Java Reference
In-Depth Information
Conditional statements
Consider an if-statement with a pre- and a post-condition:
{ Q }if (B) S { R }
What do we need to know to see that this Hoare triple is true? First, if B is false,
then S is not executed, so R must be true in the initial state. Thus, we have the
premise: Q and B => R . Second, if B is true, execution of S begun with Q and B
true has to make R true, so we have the premise: { Q and B } S { R } . Thus, we
end up with this inference rule concerning the if-statement:
if-rule : Provided Q and B => R , { Q and B } S { R }
we conclude: { Q }if (B) S { R }
You can see that the if-statement rule simply states what any programmer
would have to do to understand that the if-statement does its job. There is noth-
ing magic or special about it. In the same way, we have the following inference
rule for the if-else statement:
if-else-rule : Provided { Q and B } S1 { R }, { Q and !B } S2 { R }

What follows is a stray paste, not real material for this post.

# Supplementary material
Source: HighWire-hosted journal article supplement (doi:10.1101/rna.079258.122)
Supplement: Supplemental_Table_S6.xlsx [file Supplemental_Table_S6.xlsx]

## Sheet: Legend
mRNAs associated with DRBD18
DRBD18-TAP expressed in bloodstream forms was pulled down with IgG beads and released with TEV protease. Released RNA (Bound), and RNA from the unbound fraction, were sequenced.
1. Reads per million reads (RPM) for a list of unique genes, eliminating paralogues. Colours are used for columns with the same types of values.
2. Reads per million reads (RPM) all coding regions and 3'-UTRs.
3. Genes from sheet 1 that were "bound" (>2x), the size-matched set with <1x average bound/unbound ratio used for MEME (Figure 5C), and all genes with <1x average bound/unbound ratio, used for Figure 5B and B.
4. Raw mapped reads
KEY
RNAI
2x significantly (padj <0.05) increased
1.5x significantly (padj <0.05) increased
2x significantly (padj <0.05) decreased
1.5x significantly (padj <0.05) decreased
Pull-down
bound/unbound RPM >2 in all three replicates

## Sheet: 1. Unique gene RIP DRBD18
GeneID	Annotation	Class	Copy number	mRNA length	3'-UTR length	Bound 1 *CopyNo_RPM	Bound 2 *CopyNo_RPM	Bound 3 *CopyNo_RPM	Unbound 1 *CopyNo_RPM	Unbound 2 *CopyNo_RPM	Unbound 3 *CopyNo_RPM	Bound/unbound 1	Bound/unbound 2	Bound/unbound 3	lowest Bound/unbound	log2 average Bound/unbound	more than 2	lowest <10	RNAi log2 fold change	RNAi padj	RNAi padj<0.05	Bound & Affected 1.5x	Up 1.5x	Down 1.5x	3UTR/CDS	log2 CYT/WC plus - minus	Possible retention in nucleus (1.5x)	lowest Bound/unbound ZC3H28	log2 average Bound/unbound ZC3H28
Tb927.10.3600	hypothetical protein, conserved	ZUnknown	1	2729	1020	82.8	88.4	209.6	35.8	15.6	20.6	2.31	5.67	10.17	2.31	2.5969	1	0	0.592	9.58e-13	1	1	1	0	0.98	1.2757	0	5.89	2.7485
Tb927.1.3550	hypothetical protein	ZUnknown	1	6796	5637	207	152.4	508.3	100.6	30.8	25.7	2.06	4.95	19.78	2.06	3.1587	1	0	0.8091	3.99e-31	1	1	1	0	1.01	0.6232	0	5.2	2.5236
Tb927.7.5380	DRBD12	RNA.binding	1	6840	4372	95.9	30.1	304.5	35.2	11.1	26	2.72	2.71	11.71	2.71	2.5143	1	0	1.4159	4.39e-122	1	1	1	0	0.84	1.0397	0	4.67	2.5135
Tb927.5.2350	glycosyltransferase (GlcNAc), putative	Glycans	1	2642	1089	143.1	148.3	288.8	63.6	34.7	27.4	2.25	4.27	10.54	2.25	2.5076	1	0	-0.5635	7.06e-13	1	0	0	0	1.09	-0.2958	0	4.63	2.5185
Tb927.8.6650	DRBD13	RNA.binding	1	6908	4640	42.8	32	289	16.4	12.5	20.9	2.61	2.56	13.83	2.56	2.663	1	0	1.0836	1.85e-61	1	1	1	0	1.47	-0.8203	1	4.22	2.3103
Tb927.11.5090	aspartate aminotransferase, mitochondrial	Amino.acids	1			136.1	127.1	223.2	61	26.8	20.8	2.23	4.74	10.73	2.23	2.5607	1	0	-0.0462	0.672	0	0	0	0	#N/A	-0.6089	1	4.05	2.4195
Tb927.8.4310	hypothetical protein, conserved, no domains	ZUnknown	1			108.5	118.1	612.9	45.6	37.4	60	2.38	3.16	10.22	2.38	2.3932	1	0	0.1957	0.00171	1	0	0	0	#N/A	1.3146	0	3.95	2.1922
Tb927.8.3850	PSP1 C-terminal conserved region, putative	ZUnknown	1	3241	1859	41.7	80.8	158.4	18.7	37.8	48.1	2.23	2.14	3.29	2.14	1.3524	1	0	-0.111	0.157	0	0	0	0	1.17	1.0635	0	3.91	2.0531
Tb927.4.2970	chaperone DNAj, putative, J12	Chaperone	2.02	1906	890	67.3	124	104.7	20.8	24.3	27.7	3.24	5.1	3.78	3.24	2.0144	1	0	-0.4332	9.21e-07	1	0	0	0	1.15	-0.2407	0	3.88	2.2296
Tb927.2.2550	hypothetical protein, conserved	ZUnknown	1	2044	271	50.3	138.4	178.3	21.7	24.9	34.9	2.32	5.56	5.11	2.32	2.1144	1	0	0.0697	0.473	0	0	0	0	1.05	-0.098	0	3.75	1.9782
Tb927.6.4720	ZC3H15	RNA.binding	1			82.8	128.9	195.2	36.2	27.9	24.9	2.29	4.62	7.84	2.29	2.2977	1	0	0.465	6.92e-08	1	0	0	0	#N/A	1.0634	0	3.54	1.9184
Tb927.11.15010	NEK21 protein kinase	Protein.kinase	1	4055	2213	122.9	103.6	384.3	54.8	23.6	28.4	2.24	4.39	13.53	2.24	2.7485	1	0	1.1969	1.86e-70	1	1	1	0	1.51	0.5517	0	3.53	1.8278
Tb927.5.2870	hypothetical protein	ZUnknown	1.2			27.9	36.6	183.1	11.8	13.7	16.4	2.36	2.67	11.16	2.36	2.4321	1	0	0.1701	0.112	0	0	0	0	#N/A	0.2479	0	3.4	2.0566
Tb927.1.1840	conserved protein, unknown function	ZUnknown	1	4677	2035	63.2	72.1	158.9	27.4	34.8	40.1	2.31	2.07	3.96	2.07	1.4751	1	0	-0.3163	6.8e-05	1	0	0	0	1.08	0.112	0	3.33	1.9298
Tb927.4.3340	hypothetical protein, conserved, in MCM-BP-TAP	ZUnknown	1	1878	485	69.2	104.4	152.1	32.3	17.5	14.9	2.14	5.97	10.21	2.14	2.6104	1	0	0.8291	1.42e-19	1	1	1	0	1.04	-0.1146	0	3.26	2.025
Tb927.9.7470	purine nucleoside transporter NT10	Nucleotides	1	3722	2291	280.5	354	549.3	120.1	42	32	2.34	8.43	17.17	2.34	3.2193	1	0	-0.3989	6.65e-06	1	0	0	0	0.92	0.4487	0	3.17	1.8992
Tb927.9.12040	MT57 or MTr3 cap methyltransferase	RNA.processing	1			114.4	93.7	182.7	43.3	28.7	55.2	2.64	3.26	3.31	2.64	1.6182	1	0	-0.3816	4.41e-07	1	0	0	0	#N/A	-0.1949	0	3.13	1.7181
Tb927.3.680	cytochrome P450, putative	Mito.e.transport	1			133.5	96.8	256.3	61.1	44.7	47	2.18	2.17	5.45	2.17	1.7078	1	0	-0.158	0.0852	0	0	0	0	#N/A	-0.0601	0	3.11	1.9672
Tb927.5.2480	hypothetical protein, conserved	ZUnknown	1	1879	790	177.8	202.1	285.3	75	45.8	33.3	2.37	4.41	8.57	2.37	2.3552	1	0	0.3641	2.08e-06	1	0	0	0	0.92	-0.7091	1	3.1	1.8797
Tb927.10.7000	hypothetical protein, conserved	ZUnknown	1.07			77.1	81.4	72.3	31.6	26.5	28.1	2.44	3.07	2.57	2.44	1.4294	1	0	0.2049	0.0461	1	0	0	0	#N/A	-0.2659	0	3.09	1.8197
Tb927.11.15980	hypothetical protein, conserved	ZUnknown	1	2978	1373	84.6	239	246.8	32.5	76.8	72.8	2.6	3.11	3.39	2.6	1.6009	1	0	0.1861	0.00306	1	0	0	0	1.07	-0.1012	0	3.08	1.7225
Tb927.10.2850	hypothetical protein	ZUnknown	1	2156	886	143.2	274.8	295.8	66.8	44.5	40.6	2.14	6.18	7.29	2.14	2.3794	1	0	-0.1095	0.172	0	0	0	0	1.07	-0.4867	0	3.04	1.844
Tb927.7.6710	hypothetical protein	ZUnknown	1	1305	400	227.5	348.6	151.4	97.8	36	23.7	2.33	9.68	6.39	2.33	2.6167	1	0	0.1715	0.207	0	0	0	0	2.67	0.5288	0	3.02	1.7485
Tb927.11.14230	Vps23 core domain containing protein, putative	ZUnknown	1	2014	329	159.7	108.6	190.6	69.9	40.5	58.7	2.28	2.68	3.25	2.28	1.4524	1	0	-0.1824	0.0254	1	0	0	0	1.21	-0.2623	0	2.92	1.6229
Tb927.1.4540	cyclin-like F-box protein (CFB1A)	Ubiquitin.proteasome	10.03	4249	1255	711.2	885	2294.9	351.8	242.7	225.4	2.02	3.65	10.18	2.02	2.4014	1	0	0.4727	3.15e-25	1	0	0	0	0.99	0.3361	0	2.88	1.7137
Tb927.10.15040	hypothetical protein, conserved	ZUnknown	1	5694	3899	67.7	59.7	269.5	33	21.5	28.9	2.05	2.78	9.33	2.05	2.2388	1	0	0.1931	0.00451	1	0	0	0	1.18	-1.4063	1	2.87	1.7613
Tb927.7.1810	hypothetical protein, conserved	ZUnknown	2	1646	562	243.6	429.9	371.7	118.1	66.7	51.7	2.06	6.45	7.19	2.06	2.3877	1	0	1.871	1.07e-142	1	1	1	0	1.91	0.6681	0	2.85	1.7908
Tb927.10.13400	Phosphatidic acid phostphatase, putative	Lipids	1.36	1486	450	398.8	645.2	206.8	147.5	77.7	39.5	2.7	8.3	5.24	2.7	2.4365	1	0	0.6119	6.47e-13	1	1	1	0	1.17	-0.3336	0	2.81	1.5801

we conclude: { Q }if (B) S1 else S2 { R }
The while-loop
We now define the while-loop:
{ Q } while (B) S { R }
in terms of an inference rule. We need to develop some premises from which we
can conclude that the above holds. This will require us to use an assertion P ,
which we call the invariant of the loop because it will be true before and after
execution of repetend S. To show this, we annotate the loop as follows:
{ Q }
{ P }
while (B)
{ P && B } S { P }
{ P && !B }
{ R }
From this annotation, we can see that { Q } while (B) S { R } holds under the
following conditions:
1. Q => P
2. { P && B } S { P }
3. P && !B => R
4. The loop terminates
This leads to the following inference rule:
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